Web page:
This Selected Issues paper analyzes structural shocks, productivity, and growth in Finland. Finland has gone from being a top-performing advanced economy to a growth laggard since 2007. The rapid decline of the (previously) high productivity information and communications technology sector in recent years has weighed on overall growth and productivity. An analysis of industry-level data indicates that shifts in the sectoral distribution of labor and capital toward lower productivity sectors are also contributing to slower aggregate productivity growth. Firm-level analysis suggests that the aggregate total factor productivity impact of reallocating resources within sectors is limited, although there is more scope to reallocate resources between sectors.
This Selected Issues paper on Finland discusses that the country is struggling to recover from the Great Recession, indicating that deeper, structural issues may be holding back growth. Estimates of potential output for Finland are an important part of the toolkit for policymakers—but they come with a degree of uncertainty. As this paper illustrates, the use of different methodologies and assumptions can lead to different results. However, there are indications that Finnish potential output growth is low at this juncture. From 1997 to 2007, potential growth, independent of the choice of smoothing, averages 3.2 percent per year. In 2013, that average has dropped to 0.2 with several of the models producing negative growth. This result indicates that the lack of a recovery in Finland is largely structural in nature. Therefore, any indication that the output gap is closing is due to falling potential rather than a pickup in growth. This leads to the advantages of structural reforms aiming to enhance Finland’s long-term capacity. Total factor productivity enhancing measures could be crucial in helping the economy recover despite the time it takes to implement them.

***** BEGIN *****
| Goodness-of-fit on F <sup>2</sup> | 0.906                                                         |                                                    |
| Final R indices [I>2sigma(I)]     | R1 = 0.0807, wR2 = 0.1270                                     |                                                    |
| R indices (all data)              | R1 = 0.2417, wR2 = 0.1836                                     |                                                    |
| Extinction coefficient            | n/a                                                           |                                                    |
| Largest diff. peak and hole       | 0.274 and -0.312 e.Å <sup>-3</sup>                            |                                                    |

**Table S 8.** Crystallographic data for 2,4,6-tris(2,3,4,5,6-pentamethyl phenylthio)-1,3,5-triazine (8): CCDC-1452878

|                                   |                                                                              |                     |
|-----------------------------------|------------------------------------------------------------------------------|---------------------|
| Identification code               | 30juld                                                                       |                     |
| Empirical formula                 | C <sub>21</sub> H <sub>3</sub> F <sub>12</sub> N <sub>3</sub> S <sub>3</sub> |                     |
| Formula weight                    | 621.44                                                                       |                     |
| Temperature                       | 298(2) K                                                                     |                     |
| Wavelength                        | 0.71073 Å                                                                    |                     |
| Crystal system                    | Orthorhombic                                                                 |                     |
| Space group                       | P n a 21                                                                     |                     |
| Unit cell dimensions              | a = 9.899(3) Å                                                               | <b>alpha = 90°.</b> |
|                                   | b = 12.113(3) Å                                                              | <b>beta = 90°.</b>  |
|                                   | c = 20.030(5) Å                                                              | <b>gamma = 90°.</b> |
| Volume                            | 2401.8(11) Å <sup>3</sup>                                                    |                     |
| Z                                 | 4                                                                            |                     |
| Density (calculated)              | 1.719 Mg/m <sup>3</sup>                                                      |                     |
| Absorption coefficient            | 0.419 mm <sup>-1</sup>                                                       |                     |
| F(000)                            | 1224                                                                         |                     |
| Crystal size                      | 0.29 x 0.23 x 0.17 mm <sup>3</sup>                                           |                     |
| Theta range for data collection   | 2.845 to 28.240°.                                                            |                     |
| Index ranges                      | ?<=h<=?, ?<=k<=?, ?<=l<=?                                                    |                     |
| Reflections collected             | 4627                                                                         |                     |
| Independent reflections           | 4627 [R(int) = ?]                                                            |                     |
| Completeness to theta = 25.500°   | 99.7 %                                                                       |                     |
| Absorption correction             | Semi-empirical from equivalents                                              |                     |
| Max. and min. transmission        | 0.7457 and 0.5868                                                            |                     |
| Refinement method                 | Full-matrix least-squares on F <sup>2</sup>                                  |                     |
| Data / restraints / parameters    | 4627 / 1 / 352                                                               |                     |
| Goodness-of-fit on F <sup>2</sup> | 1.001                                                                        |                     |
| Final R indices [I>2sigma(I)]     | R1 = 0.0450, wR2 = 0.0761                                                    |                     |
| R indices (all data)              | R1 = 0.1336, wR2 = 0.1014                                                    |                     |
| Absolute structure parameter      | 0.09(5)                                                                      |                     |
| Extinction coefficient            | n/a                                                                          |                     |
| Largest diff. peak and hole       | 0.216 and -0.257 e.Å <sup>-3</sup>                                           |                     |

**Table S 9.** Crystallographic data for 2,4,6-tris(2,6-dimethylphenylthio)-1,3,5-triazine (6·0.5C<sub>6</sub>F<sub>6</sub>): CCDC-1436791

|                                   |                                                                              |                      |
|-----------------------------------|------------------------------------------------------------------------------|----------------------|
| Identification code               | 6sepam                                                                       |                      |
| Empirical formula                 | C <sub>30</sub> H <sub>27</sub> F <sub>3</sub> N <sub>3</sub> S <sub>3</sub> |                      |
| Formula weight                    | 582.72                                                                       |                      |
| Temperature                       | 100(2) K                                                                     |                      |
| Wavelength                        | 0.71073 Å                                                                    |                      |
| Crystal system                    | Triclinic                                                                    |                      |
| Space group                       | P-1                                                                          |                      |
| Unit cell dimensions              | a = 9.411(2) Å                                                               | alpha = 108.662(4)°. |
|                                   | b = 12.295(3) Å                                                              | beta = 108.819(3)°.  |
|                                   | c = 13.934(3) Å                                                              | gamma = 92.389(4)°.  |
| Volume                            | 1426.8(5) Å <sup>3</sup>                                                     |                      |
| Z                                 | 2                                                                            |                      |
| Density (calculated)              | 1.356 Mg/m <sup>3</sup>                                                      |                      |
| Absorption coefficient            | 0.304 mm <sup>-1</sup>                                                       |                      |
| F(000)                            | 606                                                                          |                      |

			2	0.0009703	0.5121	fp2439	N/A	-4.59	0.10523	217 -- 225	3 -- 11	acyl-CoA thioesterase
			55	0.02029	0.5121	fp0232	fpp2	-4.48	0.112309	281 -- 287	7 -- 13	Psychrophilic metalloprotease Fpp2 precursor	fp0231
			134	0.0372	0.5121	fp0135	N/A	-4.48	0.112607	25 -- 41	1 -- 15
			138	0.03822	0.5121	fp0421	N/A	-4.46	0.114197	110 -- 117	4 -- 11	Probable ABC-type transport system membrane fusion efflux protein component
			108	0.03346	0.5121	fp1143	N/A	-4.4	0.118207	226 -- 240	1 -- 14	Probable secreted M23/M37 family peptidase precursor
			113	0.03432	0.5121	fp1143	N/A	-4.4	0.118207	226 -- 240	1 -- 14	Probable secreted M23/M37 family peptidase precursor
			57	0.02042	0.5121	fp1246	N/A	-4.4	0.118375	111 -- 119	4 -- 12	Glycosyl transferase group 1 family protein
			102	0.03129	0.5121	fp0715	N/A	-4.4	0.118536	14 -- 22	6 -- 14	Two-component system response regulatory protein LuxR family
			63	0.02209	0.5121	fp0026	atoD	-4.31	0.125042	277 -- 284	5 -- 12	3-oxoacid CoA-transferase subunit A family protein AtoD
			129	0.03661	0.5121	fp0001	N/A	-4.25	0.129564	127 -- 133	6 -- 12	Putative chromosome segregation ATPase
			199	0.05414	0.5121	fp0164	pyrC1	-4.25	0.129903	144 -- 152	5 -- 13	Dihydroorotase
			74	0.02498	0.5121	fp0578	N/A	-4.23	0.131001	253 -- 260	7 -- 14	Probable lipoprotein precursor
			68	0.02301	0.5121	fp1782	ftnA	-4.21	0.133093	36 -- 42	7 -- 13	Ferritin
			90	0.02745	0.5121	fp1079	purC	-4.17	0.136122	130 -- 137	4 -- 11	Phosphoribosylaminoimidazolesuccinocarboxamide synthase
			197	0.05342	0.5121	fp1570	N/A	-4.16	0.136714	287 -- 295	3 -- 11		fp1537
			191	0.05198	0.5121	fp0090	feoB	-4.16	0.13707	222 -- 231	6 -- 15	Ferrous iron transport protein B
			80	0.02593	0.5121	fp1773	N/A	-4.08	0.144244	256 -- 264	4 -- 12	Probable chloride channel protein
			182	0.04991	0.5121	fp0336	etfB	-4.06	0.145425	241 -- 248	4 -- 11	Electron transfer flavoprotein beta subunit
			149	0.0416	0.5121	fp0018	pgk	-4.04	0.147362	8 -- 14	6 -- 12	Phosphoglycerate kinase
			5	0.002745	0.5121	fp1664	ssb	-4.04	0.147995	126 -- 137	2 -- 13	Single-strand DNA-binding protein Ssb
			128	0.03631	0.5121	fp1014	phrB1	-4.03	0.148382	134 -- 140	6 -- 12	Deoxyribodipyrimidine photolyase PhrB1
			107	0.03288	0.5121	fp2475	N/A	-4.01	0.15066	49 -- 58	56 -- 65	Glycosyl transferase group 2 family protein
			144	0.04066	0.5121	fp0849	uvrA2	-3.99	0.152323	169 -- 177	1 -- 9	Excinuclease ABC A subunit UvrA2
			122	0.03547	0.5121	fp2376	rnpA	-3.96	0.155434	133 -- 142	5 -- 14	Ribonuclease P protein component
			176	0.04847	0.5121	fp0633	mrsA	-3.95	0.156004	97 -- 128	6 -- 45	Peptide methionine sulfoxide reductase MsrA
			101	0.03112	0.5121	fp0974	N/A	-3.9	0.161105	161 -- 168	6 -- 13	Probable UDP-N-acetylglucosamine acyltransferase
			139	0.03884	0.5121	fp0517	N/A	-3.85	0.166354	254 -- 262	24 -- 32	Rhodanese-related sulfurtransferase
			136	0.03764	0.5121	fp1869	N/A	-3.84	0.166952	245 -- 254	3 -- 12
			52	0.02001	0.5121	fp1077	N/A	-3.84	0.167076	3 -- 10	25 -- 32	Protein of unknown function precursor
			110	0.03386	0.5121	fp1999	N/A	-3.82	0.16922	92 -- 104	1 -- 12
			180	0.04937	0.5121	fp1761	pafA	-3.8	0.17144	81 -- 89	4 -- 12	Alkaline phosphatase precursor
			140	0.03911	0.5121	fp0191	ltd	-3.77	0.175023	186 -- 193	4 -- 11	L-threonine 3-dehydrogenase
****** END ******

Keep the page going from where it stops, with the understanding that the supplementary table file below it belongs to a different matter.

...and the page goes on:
This Selected Issues paper examines external developments and competitiveness in France. Over the past decade, the current account has deteriorated from a surplus of 1.2 percent of GDP in 2002 to a deficit of about 2.3 percent in 2012, as France lost ground in goods trade and services recorded just a slight increase in global market shares. The slight improvement of the trade deficit seen in 2012 may suggest a change in trend, although it is still too early to determine. Past deterioration in export performance points to competitiveness weaknesses, rooted in significant rigidities in labor and product markets.
Portugal’s economy is in deep recession, and the crisis has opened up a large output gap, with severe consequences for employment and government revenue. While the focus is on the medium- and long-term, this analysis also offers insights on how deep the output gap is. It also highlights ways in which policies and reforms can promote growth over the longer haul and suggests that achieving a 2-percent growth rate over the long term—consistent with moderate convergence growth—is a realistic objective.
The European Union’s (EU) financial stability framework is being markedly strengthened. This is taking place on the heels of a severe financial crisis owing to weaknesses in the banking system interrelated with sovereign difficulties in the euro area periphery. Important progress has been made in designing an institutional framework to secure microeconomic and macroprudential supervision at the EU level, but this new set-up faces a number of challenges. Developments regarding the financial stability may assist in the continuing evolution of the European financial stability architecture.